Listowel Writers’ Week, Opening Night 2023

What links these two places to opening night 2023?

Special guest on Opening Night will be acclaimed singer /songwriter Jack O’Rourke.

Jack is a storyteller in song. He was fascinated by the story of Michael O’Connor as told to him by Aiden on one of his visits to Mike the Pies.

He wrote this song

Opera on the Top Floor

Michael O’Connor, uncle of Aiden, was an extraordinary man. He was a talented artist, a collector of posters, an opera lover and a book lover. He was also a very private person. His family left his apartment over the pub very much as he left it. A visit to this place of music, art and literature inspired O’Rourke to write the song.

“…And that opera on the top floor
No one knows, it’s under lock and key
The needle hits the vinyl, I’m away on the wind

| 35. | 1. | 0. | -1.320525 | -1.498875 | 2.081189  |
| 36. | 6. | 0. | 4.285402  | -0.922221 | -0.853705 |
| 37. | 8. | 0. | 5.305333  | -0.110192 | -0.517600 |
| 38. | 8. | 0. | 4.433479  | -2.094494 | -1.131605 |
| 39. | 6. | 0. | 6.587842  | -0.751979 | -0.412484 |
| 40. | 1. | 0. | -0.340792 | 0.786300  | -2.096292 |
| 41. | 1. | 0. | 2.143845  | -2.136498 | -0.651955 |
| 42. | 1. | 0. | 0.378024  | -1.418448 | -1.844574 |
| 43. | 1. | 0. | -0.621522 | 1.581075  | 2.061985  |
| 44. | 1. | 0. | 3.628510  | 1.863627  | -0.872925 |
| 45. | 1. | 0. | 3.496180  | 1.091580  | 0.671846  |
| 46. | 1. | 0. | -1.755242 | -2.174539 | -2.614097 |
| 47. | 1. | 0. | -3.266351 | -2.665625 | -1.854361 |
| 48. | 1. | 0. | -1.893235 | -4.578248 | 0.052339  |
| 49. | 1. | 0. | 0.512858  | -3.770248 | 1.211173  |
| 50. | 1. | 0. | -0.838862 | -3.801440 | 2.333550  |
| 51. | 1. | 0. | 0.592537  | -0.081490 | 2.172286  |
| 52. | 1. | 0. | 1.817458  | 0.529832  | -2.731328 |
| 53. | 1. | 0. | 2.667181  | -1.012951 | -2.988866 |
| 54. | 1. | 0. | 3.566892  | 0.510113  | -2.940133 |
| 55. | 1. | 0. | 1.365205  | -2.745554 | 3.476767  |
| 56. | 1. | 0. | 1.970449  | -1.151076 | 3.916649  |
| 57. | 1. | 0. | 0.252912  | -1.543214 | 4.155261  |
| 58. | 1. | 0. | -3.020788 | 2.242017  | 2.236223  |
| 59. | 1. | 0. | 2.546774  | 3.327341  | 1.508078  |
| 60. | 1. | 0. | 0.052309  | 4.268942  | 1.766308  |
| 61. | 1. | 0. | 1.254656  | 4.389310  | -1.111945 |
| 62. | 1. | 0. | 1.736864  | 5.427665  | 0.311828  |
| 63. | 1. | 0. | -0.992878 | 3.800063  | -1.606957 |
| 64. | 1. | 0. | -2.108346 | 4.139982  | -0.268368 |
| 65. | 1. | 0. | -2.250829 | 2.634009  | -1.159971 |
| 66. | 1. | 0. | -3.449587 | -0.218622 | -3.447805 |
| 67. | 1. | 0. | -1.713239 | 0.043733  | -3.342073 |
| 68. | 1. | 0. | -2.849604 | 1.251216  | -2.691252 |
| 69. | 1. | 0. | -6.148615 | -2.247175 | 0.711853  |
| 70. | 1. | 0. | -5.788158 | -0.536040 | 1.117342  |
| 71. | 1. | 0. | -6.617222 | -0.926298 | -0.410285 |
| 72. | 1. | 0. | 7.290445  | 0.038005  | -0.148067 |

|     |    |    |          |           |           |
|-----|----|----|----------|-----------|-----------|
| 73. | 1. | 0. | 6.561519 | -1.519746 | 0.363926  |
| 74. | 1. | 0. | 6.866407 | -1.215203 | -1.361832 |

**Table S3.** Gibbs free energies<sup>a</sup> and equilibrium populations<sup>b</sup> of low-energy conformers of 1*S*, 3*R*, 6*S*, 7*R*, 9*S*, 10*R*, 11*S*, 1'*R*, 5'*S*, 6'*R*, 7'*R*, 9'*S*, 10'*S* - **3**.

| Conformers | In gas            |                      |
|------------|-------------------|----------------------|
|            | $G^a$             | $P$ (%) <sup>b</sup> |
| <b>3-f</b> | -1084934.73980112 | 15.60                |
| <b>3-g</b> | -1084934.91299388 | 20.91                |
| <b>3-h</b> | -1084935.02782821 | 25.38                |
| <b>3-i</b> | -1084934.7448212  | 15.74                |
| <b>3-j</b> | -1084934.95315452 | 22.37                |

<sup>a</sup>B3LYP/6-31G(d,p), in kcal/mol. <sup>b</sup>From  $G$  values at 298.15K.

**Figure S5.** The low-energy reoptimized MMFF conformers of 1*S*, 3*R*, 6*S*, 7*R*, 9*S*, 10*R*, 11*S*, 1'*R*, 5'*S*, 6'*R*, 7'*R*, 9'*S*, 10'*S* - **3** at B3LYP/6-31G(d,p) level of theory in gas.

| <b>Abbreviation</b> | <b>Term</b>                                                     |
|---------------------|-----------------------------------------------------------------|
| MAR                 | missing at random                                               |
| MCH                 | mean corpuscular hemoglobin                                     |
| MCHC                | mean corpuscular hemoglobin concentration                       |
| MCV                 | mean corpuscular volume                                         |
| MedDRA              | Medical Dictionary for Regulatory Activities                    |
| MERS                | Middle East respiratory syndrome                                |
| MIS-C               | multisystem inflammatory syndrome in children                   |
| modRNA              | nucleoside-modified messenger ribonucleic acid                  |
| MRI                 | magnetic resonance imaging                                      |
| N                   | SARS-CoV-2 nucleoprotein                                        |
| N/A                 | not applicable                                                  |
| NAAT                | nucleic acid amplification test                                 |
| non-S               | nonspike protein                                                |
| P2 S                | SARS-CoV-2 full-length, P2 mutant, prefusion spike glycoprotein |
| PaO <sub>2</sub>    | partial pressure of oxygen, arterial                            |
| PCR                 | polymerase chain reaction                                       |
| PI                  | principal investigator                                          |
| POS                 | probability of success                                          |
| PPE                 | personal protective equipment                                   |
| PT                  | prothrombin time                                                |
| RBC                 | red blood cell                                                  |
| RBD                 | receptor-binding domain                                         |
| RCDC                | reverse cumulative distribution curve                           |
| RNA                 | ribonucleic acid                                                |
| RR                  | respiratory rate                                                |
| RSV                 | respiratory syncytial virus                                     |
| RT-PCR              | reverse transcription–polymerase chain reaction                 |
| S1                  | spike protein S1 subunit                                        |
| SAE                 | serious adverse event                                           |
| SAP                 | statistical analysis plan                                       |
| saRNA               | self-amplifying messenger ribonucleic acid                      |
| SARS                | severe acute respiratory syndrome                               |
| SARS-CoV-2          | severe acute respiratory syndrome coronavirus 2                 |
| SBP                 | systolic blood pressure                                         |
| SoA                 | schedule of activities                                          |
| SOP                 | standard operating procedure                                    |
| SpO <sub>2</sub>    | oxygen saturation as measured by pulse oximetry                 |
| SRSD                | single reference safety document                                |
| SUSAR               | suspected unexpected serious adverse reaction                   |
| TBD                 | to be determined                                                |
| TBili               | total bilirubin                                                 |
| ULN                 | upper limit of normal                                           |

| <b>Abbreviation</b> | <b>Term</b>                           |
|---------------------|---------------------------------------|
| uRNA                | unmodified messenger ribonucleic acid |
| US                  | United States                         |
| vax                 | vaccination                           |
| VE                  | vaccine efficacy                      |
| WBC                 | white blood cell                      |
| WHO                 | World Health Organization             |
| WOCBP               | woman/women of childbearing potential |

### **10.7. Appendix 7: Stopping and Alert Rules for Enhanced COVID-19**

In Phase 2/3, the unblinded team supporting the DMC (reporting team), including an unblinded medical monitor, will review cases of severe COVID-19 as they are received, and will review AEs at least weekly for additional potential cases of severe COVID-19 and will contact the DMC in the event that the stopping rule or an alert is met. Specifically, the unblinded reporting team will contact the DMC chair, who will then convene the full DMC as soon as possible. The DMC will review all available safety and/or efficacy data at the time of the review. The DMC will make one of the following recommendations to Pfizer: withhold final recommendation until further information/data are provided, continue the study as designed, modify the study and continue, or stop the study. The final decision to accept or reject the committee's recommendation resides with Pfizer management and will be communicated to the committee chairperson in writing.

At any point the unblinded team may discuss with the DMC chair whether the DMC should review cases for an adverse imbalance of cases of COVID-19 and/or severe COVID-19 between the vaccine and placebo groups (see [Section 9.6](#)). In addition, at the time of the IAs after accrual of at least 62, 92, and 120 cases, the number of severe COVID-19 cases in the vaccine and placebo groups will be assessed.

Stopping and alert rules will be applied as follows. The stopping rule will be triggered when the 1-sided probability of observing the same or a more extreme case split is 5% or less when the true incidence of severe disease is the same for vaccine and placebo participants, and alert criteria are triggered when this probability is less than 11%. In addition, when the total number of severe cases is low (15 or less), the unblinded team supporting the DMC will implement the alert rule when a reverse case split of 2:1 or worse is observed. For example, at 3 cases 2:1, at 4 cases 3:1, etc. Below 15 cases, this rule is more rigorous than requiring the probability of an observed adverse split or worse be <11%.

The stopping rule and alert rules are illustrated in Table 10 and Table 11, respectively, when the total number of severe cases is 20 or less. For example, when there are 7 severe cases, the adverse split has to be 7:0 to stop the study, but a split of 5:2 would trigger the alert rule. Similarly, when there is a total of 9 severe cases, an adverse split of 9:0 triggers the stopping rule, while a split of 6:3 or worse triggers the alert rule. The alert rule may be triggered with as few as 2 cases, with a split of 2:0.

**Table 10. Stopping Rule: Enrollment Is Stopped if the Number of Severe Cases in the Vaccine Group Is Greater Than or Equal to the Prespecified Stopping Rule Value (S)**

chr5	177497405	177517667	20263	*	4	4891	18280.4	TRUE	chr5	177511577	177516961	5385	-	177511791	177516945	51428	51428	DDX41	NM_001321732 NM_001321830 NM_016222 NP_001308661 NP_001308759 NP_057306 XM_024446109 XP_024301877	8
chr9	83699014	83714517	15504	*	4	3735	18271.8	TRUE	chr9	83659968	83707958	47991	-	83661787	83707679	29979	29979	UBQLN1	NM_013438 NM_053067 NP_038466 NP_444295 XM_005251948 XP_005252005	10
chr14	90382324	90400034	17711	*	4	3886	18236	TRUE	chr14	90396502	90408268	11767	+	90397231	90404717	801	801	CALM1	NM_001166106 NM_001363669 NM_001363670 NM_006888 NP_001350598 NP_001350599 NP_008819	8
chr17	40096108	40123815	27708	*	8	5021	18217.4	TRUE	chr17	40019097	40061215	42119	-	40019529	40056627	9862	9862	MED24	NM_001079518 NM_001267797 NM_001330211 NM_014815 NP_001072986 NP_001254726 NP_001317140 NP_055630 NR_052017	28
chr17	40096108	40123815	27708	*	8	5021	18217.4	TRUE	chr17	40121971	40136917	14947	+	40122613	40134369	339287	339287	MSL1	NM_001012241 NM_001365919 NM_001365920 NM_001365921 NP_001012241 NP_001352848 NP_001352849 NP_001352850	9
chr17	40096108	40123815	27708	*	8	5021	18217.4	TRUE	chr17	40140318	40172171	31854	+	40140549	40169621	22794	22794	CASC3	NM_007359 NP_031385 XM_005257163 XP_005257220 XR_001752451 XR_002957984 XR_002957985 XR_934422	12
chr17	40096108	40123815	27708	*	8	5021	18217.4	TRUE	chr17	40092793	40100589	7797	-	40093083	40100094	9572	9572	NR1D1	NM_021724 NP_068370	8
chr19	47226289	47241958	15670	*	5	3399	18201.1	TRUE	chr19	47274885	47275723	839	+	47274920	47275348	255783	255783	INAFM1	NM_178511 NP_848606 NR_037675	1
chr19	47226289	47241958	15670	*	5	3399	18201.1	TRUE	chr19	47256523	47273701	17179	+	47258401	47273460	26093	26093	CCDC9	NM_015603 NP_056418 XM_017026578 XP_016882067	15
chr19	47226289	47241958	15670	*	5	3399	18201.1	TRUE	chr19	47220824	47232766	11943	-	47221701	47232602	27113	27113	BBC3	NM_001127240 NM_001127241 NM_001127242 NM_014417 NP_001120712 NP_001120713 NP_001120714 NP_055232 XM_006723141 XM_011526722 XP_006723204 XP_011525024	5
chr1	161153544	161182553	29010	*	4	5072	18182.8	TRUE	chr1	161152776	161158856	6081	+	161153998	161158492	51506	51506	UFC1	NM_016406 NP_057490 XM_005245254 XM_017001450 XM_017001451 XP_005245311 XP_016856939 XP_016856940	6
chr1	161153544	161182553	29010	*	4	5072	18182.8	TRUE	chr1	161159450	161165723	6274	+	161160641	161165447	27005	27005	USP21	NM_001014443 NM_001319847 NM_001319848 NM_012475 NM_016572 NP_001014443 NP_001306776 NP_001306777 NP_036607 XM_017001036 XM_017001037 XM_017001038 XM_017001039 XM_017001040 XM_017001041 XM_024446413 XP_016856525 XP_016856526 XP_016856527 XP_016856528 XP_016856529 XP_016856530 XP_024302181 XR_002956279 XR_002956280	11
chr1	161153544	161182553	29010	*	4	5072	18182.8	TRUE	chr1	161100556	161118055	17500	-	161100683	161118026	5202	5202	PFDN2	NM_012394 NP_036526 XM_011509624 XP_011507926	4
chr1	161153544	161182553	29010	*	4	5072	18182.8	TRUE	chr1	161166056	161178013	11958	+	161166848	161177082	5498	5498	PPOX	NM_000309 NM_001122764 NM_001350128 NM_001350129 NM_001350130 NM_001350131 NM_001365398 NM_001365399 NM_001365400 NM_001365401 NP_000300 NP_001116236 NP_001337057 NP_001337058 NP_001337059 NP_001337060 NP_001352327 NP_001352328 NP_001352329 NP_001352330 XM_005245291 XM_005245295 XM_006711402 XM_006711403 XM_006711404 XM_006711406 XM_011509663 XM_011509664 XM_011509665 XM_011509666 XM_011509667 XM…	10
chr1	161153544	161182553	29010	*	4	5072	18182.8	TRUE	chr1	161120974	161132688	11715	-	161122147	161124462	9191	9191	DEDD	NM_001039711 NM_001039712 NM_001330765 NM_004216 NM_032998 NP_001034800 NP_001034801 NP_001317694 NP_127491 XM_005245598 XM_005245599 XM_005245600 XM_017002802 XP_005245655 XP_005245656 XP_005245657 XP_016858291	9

Every secret needs a sanctuary.”

I hope he sings it for us on Opening Night.

Another treat in store for us at this year’s Writers’ Week is a chance to see some of Michael O’Connor’s great collection of international graphic art in Mike the Pies.


I Love Paul Galvin

Maybe not Paul himself. I don’t know him but I love, love, love his book.

People who know me here know that I love a good anecdote or story and I love random facts. Paul’s book is full of these. I’ve only dipped into it so far. I’ve only just got it.

Who knew?

Spear throwing! sword fighting!

If, like me you love these little stories, Paul Galvin has lots of them in his great book. He is a great researcher and a great story teller.

Do come along to hear him in

The Listowel Arms at 3.00p.m. on Saturday June 3 2023


Dolly Day

DollyDay fundraiser for Comfort for Chemo and the Kerry Hospice was launched in Quanes Bar, Blennerville on Thursday evening.

Dolly Day in Listowel is on June 24 2023 and it promises to be a good one. The lady herself has been invited to attend and she is checking her calendar.

You can be part of the fun by buying your wig online Here

There are a few instructions laid down by the Guinness Book of Records people about how you should be dressed. Nothing major.